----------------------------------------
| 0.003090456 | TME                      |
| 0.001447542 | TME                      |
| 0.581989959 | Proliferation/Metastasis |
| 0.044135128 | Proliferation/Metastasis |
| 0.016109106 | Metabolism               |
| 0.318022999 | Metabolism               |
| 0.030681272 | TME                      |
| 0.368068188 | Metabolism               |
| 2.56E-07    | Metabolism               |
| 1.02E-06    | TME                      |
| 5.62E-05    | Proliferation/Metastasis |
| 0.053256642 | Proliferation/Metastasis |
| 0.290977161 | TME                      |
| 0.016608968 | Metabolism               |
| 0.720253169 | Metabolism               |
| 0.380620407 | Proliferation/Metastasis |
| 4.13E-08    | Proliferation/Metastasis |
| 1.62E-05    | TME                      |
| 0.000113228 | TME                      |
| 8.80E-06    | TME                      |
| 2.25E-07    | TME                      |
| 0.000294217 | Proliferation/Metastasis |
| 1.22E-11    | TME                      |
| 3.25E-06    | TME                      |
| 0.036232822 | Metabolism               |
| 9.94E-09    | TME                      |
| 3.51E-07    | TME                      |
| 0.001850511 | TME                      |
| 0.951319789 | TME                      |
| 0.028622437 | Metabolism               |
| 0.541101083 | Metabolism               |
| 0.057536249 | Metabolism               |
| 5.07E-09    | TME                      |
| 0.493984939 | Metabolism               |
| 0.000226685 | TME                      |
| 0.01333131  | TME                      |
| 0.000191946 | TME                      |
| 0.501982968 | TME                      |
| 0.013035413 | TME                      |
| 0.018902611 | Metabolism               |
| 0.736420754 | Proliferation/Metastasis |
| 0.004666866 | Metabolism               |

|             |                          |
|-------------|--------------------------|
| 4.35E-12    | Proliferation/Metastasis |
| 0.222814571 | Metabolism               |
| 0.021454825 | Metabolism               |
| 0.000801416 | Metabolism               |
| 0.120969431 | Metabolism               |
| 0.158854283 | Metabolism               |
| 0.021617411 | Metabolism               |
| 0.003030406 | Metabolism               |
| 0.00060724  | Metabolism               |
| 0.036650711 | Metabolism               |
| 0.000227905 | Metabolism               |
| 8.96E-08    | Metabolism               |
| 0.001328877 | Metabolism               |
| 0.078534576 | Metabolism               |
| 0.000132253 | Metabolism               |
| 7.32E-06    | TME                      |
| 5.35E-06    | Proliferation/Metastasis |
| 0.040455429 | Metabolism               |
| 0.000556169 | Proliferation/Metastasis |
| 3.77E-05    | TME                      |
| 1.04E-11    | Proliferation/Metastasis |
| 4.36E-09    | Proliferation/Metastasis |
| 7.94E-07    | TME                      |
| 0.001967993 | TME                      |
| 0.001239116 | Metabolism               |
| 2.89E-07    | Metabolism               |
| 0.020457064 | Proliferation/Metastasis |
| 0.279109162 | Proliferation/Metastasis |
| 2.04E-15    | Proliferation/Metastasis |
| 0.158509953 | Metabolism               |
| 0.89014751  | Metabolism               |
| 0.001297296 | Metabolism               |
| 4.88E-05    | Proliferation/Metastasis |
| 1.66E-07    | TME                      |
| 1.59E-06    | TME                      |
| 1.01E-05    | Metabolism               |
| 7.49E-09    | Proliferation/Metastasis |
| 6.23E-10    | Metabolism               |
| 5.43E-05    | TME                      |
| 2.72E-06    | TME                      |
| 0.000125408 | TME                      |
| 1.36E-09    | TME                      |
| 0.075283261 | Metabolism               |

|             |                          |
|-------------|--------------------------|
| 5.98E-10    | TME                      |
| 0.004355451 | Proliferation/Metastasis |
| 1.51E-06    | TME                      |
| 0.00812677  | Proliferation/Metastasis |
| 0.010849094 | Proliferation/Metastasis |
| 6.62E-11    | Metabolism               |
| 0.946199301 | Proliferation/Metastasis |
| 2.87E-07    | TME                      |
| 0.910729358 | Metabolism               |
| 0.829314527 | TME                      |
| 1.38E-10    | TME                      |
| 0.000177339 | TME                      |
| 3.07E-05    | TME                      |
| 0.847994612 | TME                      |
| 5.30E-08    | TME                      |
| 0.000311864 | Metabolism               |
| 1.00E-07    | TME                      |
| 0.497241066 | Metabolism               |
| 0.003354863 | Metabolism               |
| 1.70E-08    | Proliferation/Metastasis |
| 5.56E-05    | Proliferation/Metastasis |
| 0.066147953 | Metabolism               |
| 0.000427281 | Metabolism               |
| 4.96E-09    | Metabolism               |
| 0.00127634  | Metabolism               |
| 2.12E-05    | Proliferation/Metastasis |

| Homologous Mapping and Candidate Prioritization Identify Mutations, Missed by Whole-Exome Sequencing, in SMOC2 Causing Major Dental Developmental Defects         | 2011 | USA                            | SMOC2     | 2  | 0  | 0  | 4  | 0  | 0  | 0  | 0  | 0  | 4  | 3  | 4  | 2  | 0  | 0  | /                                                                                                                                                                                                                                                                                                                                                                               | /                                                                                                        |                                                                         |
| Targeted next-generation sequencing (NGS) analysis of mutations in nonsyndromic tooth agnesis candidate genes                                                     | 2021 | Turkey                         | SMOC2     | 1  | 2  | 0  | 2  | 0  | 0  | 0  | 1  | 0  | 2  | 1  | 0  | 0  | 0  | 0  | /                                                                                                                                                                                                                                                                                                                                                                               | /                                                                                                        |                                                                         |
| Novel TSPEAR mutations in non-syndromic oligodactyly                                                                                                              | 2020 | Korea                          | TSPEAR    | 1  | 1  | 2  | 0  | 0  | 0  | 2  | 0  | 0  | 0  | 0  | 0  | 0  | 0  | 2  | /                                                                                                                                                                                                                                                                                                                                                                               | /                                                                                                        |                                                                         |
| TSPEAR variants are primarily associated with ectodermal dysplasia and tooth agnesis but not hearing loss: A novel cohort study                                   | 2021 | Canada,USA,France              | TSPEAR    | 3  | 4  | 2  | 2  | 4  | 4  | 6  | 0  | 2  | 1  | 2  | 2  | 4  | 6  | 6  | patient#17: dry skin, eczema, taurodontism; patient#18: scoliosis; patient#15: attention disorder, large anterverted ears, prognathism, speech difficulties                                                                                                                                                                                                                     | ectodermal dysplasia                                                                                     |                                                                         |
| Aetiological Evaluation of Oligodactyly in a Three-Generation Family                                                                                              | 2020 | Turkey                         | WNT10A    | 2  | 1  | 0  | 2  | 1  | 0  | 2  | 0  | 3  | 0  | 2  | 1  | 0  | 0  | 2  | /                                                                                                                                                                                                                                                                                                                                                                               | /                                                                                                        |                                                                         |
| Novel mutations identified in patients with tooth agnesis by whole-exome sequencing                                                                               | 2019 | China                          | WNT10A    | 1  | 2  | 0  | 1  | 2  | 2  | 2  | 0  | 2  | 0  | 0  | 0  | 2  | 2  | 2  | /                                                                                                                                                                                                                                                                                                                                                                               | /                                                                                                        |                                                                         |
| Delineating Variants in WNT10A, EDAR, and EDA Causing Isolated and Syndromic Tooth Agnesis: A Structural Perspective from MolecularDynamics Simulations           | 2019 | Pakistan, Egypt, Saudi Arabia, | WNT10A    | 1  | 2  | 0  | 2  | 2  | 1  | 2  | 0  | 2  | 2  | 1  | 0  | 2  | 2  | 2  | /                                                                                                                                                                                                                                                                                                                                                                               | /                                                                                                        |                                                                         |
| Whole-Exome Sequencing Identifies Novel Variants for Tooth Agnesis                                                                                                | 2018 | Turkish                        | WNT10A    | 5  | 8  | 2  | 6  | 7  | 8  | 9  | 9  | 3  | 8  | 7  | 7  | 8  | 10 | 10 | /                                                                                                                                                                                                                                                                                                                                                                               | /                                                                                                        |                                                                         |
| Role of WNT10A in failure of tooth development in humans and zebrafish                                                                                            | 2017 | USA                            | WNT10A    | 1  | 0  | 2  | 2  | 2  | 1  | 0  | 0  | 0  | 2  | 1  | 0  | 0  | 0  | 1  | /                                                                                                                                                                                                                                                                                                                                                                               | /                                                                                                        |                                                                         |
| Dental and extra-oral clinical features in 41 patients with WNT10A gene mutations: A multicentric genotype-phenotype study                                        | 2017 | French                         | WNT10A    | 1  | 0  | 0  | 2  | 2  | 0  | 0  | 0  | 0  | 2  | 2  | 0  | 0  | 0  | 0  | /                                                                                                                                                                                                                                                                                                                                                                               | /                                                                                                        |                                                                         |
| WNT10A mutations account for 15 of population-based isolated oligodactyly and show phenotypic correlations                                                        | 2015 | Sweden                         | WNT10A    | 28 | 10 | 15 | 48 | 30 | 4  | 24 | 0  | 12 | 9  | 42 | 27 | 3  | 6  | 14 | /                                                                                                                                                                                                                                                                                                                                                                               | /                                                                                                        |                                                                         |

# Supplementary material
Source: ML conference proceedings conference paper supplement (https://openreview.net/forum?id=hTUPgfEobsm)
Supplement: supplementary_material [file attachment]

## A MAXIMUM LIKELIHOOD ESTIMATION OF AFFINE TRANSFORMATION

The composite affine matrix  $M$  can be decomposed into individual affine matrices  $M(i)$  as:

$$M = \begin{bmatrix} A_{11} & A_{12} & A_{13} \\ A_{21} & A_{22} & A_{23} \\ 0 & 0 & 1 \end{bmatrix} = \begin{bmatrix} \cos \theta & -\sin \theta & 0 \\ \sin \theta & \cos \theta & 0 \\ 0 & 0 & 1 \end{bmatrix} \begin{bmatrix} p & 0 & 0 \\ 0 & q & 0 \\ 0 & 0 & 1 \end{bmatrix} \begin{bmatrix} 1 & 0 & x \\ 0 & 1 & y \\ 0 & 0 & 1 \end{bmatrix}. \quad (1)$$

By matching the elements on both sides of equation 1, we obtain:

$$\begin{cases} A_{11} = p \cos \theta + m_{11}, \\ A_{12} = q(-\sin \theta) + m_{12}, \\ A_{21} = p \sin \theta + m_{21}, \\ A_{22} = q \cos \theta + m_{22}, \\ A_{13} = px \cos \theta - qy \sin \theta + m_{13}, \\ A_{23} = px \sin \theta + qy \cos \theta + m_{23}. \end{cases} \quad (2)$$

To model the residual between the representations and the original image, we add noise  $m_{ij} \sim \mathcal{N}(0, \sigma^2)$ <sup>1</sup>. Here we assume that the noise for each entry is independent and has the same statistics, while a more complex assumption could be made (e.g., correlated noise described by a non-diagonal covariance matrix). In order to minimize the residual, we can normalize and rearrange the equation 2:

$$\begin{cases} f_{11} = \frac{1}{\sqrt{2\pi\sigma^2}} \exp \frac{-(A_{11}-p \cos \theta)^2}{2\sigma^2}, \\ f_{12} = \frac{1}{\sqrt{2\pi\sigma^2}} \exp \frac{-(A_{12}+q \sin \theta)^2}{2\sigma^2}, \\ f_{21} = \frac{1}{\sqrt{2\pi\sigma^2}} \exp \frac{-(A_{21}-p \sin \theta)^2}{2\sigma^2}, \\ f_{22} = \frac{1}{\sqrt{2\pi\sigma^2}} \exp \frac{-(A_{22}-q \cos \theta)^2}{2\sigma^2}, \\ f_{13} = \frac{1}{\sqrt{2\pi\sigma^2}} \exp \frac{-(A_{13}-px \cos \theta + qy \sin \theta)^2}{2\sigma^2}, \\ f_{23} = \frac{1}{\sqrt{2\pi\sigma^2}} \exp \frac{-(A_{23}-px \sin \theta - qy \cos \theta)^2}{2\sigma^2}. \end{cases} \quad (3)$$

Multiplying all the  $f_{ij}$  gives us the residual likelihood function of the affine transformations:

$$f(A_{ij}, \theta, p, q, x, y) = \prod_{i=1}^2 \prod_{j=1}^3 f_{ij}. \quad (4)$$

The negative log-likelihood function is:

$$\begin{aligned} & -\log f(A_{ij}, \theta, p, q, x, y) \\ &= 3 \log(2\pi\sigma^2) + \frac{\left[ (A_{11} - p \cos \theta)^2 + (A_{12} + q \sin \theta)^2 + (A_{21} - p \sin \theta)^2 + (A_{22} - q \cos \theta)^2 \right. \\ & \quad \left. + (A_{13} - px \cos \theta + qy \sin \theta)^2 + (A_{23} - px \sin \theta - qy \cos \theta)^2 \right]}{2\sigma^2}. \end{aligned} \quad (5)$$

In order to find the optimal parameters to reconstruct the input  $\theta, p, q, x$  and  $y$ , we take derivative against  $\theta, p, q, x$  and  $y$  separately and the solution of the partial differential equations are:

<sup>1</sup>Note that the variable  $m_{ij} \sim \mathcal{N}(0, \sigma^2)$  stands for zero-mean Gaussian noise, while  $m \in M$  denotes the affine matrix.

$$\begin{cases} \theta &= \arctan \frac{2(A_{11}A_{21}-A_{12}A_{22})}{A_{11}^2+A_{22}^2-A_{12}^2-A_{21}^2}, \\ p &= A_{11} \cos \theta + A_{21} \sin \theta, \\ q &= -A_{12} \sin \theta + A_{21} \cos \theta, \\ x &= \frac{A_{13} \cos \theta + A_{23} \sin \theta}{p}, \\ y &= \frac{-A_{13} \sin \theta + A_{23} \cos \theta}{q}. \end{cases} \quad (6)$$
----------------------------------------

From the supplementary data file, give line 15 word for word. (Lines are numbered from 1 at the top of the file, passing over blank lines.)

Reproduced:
| 0.720253169 | Metabolism               |